When Steve Wandler lost his job as schedule manager for a steel manufacturer in 2001, he knew it was time to get serious about the start-up he was launching on the side, YourTechOnline.com. The company, based in Kelowna, British Columbia, provides outsourced technical support for PC users. It had few customers and no employees, and was losing money rapidly. Wandler, who'd just been fired for taking customer calls in his employer's restroom, had already blown through most of a $32,500 bank loan. He desperately needed money.
He told his wife to fill out any credit card application that came to the house and began talking up the company to anyone who might be willing to cut him a check: parents, aunts and uncles, friends, even members of a computer class for senior citizens. He raised $700,000 from 25 investors, about half of them debtholders and the rest shareholders with voting rights. Many were enticed by Wandler's plan to take the company public in two years. "They thought a $10,000 investment would make them kajillionaires," he says. Wandler knew these expectations were far-fetched but didn't discourage them. Instead, he let himself dream along with his investors.
Bad idea. Amid the mad dash to raise seed capital--$1,000 here, $5,000 there--few entrepreneurs bother to consider the hazards of taking money from a gaggle of friends and relatives and giving them big promises--and voting rights--in return. A flock of investors may help an unproven company stay afloat in its early years, but those same shareholders can become deal breakers when the company tries to raise money from VCs or private equity firms. Unsophisticated investors might be surprised when told their stake will be diluted. And they might take umbrage if the company sells out for a modest sum instead of becoming the next Google (NASDAQ:GOOG).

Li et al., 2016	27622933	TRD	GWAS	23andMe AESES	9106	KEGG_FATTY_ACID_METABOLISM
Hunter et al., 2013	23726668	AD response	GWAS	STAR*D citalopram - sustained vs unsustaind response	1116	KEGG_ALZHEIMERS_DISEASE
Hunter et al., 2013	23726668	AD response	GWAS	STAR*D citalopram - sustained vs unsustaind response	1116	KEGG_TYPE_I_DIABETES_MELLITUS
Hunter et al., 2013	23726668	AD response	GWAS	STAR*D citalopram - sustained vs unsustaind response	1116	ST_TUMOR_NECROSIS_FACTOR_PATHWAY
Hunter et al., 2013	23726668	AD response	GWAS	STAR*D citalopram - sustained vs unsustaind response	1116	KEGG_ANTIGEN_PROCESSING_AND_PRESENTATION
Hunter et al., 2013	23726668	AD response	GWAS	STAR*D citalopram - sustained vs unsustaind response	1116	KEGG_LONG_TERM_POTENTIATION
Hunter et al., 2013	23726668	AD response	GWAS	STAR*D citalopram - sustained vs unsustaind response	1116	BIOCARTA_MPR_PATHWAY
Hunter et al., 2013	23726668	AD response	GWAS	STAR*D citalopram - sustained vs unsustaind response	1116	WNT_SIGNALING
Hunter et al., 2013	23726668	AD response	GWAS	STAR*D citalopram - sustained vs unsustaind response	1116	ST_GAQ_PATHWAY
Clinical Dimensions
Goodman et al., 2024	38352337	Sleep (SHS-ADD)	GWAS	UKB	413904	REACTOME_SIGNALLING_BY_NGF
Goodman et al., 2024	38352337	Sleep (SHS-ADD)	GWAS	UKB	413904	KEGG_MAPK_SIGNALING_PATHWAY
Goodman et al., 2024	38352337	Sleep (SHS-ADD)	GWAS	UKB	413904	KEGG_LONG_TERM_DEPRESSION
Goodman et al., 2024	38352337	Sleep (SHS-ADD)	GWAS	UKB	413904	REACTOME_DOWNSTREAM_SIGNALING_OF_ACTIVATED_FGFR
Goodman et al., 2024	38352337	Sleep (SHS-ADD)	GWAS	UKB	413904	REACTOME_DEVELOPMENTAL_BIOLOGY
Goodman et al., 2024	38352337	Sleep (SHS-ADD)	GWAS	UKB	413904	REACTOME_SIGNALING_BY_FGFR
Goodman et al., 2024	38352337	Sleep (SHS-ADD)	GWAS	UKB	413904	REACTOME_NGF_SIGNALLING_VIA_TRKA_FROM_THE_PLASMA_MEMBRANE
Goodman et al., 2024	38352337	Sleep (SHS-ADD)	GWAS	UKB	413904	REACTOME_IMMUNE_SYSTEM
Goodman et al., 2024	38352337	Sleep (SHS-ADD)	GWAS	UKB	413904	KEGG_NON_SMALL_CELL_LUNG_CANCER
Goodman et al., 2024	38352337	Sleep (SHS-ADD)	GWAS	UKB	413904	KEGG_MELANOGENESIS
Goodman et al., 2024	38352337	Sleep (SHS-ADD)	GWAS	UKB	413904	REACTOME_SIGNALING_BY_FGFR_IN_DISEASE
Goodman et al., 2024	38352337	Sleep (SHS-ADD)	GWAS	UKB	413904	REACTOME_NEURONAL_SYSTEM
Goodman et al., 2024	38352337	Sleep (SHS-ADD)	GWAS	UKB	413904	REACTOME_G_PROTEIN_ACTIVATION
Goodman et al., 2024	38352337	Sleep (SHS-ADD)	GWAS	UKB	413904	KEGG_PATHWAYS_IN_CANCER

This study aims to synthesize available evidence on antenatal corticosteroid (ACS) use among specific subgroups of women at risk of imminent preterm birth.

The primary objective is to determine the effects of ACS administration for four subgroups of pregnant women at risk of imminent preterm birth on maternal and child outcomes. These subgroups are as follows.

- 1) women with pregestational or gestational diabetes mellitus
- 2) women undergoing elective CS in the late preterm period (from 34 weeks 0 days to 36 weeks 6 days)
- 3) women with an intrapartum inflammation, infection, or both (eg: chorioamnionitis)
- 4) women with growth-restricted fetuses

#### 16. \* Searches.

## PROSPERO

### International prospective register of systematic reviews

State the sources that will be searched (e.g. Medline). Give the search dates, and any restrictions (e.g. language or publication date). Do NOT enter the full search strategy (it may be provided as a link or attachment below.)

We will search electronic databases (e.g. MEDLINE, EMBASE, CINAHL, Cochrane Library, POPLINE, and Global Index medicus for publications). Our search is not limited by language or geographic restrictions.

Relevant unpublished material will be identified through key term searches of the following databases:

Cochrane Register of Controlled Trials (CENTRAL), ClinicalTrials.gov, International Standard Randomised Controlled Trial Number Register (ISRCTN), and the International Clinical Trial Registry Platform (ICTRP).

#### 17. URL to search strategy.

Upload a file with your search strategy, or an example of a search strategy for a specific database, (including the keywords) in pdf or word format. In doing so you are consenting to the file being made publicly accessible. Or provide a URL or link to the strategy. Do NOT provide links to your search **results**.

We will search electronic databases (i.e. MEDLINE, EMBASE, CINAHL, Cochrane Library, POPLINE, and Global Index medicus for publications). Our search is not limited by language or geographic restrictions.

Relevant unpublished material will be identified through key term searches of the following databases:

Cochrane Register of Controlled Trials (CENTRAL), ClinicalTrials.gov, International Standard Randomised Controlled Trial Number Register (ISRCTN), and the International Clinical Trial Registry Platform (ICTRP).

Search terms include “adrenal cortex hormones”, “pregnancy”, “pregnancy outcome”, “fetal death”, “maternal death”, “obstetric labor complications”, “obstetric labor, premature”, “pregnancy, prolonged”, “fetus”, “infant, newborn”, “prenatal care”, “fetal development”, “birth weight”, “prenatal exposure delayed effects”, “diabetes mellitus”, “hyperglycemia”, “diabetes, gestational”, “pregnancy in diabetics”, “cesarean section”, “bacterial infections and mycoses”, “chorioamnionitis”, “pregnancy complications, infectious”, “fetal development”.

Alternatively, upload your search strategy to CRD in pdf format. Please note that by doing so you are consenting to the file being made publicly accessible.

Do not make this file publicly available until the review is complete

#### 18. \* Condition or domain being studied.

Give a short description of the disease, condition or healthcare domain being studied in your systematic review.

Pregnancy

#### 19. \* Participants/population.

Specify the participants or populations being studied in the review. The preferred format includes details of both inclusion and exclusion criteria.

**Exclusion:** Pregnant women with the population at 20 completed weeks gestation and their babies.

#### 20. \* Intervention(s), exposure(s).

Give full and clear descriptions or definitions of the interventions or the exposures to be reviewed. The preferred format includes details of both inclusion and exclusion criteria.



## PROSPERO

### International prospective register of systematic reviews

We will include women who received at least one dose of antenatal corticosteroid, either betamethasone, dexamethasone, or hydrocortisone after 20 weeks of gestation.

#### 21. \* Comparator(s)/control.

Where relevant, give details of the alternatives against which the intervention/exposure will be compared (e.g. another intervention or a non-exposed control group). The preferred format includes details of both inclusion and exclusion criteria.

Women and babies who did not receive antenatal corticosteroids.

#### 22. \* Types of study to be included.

To make matters worse, major investors often view a large bloc of shareholders as an added risk, which could lead them to reject a deal entirely. This is especially true when seed investors hold voting shares, but even nonvoting investors can scuttle a deal by threatening a lawsuit or pressuring the founder. Professional investors "have enough problems to deal with without a bunch of crazy common stockholders," says Jeffrey Sohl, director of the University of New Hampshire's Center for Venture Research. Wandler ran into trouble in 2005, when YourTechOnline had grown to 15 employees and about $500,000 in revenue, and Wandler was looking for money again. He found a large computer manufacturer interested in buying the company, but the big company was put off by the hodgepodge of small stakeholders. "When we showed them the number of people involved, they weren't interested," Wandler says. "Our investors were holding us back."
The next year, the company became cash-flow positive, and Wandler decided it was time to "clean up" for a potential deal or sale. He began trying to convince his shareholders to take their money back with interest--a case he thought would be easy to make given the company's past struggles, its modest size, and its debt, which was then about $175,000. But Wandler was the victim of his own fundraising success. "They didn't want to get out," he says. "They still believed my pitch. Their attitude was, 'You should go public, and I should be able to trade my shares on the stock market."